8.9 Storing Information About the Current User Session

If you need to store information related to the current user session in a way that entity object business logic can reference, you can use the user data hash table provided by the Session object.

8.9.1 How to Store Information About the Current User Session

When a new user accesses an application module for the first time, the prepareSession() method is called. As shown in Example 8-13, the application module overrides prepareSession() to retrieve information about the authenticated user by calling a retrieveUserInfoForAuthenticatedUser() method on the view object instance. Then, it calls the setUserIdIntoUserDataHashtable() helper method to save the user's numerical ID into the user data hash table.

Example 8-13 Overriding prepareSession() to Query User Information

// In the application module
protected void prepareSession(Session session) {
  super.prepareSession(session);
  /*
   * Query the correct row in the VO based on the currently logged-in
   * user, using a custom method on the view object component
   */
  getLoggedInUser().retrieveUserInfoForAuthenticatedUser();     
  setUserIdIntoUserDataHashtable();
}

Example 8-14 shows the code for the view object's retrieveUserInfoForAuthenticatedUser() method. It sets its own EmailAddress bind variable to the name of the authenticated user from the session and then calls executeQuery() to retrieve the additional user information from the USERS table.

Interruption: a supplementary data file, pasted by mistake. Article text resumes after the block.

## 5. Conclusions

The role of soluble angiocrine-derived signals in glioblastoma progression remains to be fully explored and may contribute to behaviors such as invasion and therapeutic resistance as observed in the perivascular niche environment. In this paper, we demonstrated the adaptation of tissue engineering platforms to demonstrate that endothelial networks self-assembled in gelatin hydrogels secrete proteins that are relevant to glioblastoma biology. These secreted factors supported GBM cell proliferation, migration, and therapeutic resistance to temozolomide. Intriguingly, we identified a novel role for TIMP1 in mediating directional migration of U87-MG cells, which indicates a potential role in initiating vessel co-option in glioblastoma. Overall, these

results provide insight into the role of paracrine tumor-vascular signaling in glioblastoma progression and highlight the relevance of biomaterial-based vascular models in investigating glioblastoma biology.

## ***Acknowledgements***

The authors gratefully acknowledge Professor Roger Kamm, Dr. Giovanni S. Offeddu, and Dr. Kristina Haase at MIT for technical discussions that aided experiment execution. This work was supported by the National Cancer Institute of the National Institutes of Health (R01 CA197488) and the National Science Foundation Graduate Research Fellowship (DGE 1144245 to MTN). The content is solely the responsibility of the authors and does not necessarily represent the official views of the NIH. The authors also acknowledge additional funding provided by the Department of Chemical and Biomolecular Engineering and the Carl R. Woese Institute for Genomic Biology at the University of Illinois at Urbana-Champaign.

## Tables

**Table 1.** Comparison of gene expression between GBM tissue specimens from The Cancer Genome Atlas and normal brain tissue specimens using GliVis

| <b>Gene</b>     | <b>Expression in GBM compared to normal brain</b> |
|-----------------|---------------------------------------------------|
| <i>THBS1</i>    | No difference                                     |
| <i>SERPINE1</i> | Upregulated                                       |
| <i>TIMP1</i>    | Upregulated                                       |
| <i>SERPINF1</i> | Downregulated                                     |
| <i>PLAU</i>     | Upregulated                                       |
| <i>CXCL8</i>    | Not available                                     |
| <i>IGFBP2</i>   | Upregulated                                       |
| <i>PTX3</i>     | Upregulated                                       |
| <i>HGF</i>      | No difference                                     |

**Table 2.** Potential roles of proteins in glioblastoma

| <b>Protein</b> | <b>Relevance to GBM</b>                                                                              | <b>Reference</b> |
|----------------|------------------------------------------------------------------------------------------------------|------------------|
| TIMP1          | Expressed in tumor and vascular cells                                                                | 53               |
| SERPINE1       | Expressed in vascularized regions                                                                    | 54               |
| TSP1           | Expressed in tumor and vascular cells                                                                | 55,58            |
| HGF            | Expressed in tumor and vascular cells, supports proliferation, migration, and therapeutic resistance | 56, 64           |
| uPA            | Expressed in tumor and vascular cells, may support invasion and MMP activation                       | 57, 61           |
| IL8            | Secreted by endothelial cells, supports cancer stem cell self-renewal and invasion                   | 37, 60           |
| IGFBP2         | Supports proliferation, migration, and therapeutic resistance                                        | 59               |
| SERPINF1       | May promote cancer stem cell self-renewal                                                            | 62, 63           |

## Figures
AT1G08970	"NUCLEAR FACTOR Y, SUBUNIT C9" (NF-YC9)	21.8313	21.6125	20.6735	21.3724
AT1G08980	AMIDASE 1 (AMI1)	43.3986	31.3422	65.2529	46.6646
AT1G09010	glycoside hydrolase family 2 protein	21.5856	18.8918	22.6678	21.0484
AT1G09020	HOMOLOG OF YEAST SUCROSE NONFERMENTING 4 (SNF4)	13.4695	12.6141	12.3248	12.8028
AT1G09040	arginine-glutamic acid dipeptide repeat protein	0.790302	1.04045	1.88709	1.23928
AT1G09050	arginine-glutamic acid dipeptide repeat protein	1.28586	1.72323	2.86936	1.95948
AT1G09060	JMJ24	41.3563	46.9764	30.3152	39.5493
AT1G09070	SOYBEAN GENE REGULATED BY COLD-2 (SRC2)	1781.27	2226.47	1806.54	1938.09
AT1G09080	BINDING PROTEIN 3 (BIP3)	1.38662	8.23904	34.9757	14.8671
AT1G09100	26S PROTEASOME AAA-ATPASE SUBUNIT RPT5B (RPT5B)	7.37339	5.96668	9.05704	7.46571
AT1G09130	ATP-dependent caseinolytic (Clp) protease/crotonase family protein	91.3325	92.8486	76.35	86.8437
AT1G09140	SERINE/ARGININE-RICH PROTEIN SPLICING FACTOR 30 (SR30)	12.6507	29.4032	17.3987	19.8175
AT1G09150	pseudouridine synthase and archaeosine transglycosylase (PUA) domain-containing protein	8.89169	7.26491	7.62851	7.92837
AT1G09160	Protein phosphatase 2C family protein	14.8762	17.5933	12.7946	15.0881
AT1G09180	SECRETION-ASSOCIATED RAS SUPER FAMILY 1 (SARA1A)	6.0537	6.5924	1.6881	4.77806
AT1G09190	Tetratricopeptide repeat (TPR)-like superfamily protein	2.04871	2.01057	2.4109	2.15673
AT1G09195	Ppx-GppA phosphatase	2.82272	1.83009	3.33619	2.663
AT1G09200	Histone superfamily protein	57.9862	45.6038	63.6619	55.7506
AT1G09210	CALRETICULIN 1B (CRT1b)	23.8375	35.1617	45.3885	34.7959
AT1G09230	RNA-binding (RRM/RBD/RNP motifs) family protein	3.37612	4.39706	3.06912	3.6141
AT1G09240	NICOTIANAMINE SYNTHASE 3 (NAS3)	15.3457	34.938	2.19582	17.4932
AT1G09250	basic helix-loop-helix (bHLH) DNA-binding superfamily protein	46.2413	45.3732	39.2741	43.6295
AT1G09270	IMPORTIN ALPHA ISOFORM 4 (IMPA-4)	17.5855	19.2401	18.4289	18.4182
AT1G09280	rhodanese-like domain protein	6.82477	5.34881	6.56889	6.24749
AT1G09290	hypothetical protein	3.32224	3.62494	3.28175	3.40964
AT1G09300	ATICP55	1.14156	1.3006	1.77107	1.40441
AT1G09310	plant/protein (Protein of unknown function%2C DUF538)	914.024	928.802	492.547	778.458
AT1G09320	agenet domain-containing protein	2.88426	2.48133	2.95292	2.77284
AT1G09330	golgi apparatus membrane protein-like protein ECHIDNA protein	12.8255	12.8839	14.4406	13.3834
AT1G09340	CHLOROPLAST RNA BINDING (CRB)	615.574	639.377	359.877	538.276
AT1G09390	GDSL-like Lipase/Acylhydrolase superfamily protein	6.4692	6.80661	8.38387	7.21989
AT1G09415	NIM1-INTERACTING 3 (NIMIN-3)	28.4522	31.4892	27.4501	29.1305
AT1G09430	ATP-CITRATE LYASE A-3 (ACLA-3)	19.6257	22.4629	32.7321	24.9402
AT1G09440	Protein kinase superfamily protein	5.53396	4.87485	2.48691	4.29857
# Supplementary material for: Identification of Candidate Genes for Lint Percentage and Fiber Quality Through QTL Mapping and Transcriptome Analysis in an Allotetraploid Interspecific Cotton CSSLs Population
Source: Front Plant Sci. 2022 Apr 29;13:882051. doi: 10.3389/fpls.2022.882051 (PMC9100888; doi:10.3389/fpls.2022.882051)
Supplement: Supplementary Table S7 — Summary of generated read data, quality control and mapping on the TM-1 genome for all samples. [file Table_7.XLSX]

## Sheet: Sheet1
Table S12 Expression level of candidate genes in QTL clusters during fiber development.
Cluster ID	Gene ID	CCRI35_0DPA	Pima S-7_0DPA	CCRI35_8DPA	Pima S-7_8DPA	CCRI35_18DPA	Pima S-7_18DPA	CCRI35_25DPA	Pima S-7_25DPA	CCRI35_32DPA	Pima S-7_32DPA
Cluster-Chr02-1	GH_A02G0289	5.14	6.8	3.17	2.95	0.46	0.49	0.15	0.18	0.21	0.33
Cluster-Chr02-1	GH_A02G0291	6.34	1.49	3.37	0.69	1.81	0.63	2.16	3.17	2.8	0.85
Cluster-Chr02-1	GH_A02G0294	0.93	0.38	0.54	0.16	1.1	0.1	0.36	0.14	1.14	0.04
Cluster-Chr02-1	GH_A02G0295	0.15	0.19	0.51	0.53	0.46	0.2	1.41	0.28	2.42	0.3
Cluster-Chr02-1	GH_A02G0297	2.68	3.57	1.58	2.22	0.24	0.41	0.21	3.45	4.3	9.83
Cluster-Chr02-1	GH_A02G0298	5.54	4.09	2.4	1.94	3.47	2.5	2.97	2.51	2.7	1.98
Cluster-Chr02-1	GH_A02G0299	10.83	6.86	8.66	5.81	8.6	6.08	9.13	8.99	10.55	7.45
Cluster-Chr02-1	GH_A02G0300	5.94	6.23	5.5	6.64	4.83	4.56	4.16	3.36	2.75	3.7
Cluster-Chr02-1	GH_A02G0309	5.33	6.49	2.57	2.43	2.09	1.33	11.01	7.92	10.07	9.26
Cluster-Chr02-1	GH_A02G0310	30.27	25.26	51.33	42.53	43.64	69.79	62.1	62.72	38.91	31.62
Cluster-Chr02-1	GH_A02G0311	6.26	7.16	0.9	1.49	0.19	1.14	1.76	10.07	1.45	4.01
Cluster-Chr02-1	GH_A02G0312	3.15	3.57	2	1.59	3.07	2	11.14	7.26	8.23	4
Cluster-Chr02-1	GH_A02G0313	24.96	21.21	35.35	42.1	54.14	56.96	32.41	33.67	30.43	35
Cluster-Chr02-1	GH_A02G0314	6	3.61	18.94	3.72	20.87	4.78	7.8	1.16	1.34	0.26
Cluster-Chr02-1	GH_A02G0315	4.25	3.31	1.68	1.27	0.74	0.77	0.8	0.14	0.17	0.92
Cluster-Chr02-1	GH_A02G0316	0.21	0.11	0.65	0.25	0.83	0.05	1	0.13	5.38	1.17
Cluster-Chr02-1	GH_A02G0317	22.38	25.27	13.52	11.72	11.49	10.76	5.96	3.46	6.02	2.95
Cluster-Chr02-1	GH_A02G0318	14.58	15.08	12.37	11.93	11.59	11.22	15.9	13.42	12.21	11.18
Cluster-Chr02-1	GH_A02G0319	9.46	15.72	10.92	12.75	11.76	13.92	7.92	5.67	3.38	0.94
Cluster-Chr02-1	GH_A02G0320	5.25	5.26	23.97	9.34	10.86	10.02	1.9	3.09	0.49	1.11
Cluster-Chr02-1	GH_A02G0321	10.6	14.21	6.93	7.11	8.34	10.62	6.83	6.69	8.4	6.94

Example 8-14 Accessing Authenticated User Name to Retrieve Additional User Details

// In the view object's custom Java class
public void retrieveUserInfoForAuthenticatedUser() {
  SessionImpl session = (SessionImpl)getDBTransaction().getSession();
  setEmailAddress(session.getUserPrincipalName());
  executeQuery();
  first();
}

One of the pieces of information about the authenticated user that the view object retrieves is the user's numerical ID number, which that method returns as its result. For example, the user sking has the numeric UserId of 300.

Example 8-15 shows the setUserIdIntoUserDataHashtable() helper method — used by the prepareSession() code in Example 8-13 — that stores this numerical user ID in the user data hash table, using the key provided by the string constant CURRENT_USER_ID.

Example 8-15 Setting Information into the UserData Hashtable for Access By Entity Objects

// In the application module
private void setUserIdIntoUserDataHashtable() {
  Integer userid = getUserIdForLoggedInUser();